Home Mortgage

Beginning in October of 2016, the Chapter 13 procedures in the Northern District of Texas have changed dramatically. The new rules require that if you are more than 60 days behind on your home mortgage, then you must pay your mortgage payments as well as the past due payments through a Chapter 13 Trustee. If you cannot pay your mortgage once the case has been filed, then your case can be dismissed, or you might have to surrender your home.

If you are behind on your home mortgage and contemplating bankruptcy to seek a modification of your mortgage loan or to pay your past due payment through a plan, then contact an experienced bankruptcy attorney in Dallas, TX, to discuss your case.

Attorney for Bankruptcy with a Home Mortgage in Dallas, TX

Many people who are considering filing a Chapter 7 or Chapter 13 bankruptcy want to know how the bankruptcy will affect their mortgage and their ability to remain in their home. Although you are filing for Chapter 7 bankruptcy, you could lose your home if you are not able to stay current on the mortgage payments. If you file for a Chapter 13 bankruptcy, you might be able to keep your home by bringing your mortgage payments current through the Chapter 13 plan.

Contact the experienced bankruptcy attorneys in Dallas, TX, at Littlefield Law Firm to discuss your case. 

Call (972) 812-0900 today.


Your Home Mortgage in a Chapter 7 Bankruptcy

If you qualify to file for Chapter 7 bankruptcy and your home is exempt, you can continue to make your mortgage payments if you want to keep your home. The Chapter 7 bankruptcy will discharge your personal liability for the home loan at the end of the case, but the lender's security interest in the property remains in force. If you do not make your payments, then the lender has the right to start a foreclosure action against you.

If you are behind on your mortgage payments and want to keep your home, you will have to come up with a plan to catch up on the payments. Unlike Chapter 13 bankruptcy, Chapter 7 does not provide a method for you to pay and reorganize through bankruptcy.


Is the Equity in Your Home Exempt?

The first thing to determine is whether any equity you have in your home is covered by a bankruptcy exemption. Because most of your debts will be discharged in a Chapter 7 bankruptcy, the trustee is entitled to sell your nonexempt property and use the proceeds to pay your unsecured creditor. If your home has a significant amount of nonexempt equity, a trustee may sell it.

Your Home Mortgage in a Chapter 13 Bankruptcy

Filing a Chapter 13 bankruptcy does not necessarily affect your home mortgage in most circumstances. While the bankruptcy action is proceeding through the court and after the bankruptcy, you must continue to make your mortgage payments so that the lender does not foreclose on the property.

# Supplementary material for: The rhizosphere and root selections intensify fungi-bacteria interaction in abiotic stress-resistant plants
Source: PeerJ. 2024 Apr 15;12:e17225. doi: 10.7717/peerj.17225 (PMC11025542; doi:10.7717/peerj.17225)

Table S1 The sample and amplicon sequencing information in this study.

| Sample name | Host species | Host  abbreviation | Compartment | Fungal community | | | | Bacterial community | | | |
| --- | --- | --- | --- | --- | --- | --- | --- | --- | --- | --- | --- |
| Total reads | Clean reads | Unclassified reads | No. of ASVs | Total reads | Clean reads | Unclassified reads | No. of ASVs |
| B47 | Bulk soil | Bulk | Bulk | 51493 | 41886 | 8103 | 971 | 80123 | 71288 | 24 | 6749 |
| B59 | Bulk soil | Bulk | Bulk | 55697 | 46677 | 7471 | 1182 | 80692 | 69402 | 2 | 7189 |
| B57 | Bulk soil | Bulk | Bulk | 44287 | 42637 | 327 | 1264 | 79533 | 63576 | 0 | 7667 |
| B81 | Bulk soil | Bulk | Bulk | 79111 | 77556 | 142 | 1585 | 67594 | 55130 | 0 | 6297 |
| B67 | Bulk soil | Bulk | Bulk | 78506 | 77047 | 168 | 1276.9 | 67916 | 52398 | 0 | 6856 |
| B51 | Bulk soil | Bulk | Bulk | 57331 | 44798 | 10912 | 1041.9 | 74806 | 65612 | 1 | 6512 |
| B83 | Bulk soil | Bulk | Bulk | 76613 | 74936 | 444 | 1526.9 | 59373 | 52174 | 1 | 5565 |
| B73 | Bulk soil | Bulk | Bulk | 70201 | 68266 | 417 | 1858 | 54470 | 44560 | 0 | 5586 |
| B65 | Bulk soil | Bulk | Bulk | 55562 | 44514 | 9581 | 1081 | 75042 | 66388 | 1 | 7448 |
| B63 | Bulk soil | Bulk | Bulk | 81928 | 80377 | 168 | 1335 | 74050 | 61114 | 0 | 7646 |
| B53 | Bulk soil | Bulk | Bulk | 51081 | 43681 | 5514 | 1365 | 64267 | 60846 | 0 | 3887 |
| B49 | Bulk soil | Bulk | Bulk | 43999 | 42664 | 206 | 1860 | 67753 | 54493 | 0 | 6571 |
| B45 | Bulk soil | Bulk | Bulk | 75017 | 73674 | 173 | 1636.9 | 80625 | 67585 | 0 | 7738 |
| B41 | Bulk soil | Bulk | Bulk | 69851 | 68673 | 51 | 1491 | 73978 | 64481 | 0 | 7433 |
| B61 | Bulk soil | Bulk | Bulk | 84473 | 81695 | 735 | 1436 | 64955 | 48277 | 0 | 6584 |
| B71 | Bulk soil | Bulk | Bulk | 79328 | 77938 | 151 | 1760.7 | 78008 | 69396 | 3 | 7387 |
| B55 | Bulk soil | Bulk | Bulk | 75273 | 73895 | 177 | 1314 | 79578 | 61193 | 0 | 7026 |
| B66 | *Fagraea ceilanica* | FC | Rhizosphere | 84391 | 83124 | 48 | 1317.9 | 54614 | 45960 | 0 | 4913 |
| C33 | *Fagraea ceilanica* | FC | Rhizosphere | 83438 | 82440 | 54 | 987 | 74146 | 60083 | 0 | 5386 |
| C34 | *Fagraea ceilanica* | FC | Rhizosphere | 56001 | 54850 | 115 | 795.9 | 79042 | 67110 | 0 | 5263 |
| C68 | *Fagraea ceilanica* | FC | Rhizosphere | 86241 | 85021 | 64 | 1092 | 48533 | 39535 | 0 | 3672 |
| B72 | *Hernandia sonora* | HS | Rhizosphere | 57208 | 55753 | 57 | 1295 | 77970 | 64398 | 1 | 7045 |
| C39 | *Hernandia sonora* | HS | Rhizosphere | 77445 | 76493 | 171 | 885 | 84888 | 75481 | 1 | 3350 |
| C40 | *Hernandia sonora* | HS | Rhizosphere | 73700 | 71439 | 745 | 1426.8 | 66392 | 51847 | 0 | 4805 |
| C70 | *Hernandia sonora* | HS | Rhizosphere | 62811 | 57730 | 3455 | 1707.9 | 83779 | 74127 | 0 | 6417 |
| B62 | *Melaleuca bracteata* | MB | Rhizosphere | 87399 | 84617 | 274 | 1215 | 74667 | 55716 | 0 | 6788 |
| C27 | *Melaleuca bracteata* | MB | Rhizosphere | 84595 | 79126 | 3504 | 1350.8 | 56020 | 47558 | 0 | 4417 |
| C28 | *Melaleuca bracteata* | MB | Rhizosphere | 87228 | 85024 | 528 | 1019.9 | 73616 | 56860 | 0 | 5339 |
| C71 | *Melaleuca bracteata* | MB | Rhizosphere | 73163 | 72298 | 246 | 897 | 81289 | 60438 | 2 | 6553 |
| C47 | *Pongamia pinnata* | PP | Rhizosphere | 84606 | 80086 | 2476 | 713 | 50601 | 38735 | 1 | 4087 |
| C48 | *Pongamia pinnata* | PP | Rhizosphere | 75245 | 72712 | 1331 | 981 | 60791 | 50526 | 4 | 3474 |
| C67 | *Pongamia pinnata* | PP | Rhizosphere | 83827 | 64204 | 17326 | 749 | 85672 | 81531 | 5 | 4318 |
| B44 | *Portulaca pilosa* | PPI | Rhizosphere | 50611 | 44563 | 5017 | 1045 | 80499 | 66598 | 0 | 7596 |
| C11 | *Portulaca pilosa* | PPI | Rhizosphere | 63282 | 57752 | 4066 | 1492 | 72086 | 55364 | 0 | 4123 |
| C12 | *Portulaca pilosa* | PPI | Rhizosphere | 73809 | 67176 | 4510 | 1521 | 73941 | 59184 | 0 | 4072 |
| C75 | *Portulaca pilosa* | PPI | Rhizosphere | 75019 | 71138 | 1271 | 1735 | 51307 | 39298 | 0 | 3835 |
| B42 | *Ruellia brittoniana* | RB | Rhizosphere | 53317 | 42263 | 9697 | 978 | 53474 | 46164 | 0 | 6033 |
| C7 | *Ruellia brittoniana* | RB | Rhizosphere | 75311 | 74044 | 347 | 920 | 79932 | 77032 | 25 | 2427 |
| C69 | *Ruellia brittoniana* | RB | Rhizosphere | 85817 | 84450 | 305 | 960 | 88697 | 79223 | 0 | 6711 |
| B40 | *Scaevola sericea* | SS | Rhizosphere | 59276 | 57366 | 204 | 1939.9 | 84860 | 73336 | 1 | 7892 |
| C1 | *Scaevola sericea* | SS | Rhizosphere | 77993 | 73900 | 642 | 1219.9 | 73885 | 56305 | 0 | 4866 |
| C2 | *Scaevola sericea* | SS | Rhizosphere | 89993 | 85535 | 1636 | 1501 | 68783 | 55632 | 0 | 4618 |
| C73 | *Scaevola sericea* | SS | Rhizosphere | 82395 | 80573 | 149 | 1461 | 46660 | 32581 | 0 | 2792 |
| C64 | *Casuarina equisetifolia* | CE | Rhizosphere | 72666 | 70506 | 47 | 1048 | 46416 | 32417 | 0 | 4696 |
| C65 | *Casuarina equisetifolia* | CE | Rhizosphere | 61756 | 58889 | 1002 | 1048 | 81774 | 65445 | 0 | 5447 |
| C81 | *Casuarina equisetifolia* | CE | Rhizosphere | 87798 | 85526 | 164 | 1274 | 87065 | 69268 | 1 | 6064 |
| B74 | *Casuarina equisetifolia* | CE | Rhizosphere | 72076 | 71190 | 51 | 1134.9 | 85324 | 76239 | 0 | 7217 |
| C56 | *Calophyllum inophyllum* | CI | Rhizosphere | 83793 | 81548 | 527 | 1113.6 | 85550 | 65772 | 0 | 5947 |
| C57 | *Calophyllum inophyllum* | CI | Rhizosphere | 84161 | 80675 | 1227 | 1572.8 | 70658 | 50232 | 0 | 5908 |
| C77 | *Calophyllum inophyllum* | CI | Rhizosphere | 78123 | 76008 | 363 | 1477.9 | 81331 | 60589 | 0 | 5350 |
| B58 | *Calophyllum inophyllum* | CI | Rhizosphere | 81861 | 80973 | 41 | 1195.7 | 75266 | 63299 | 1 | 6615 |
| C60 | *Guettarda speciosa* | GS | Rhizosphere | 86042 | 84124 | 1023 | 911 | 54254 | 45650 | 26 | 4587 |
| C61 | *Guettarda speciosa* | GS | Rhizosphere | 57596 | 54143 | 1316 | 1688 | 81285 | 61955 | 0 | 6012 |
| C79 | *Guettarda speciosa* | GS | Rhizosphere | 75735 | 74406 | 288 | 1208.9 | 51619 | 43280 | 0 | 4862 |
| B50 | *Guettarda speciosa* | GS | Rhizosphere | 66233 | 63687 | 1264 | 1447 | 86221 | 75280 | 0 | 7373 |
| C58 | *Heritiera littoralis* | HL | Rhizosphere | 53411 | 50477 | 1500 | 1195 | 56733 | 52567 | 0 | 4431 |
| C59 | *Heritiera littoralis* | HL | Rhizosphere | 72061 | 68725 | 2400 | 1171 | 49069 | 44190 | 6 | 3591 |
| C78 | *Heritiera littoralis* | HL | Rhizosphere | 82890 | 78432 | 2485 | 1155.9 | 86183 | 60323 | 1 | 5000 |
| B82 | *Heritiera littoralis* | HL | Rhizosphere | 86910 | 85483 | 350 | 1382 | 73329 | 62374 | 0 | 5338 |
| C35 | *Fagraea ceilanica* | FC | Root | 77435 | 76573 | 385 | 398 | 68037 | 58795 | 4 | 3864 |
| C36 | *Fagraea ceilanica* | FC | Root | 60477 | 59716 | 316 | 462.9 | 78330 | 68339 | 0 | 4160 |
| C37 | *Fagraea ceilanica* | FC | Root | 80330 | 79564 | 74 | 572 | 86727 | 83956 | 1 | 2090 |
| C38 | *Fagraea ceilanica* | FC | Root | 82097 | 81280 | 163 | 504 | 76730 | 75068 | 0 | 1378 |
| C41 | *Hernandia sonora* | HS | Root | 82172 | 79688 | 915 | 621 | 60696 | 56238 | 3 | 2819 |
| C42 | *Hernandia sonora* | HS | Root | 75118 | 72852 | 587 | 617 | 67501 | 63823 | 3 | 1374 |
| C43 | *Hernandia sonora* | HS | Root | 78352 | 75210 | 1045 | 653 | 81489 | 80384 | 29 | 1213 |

If you are behind on the mortgage payments, you can pay off the pay due payments or arrears through your Chapter 13 repayment plan. A Chapter 13 repayment plan lasts between three to five years. If your mortgage payments are current, the lender cannot foreclose. Filing for a Chapter 13 bankruptcy effectively gives you more time to make up missed payments.


Lien Stripping

In some cases, if you do not have enough equity in your home to secure the second or third mortgage or home equity loan (HELOC), then the bankruptcy court can effectively "strip" the liens securing the mortgages and reclassify the debt as unsecured debt. The unsecured debt is then removed through your repayment plan. In most Chapter 13 bankruptcy cases, the debtor only pays a portion of their unsecured debt through the plan.


Cram Downs that Modify the Mortgage

In a few cases, a mortgage on real property can be modified in a Chapter 13 bankruptcy so that the new principal equals the actual fair market value of the home. This process is known as the "cram down" that applies to all forms of secured property including a loan on your motor vehicle. The cramdown to modify a mortgage is not available, however, for the mortgage on your residence that consists of real property.

The cramdown modification might be available to other types of mortgages including:

  • loans for other buildings or land that is not part of your residence;
  • loans for the purchase of a multiunit building;
  • loans to purchase a mobile home; or
  • loans that used other property to serve as security for the loan.

A cram down to modify a mortgage is relatively rare because, after the cram down modification of the mortgage to the actual value of the property, you may still have to pay off the entire new mortgage amount through your Chapter 13 repayment plan within the three to five year time period designated in the plan. For many people, paying that amount during that time period is not a viable option.


This article was last updated on Friday, February 16, 2018.

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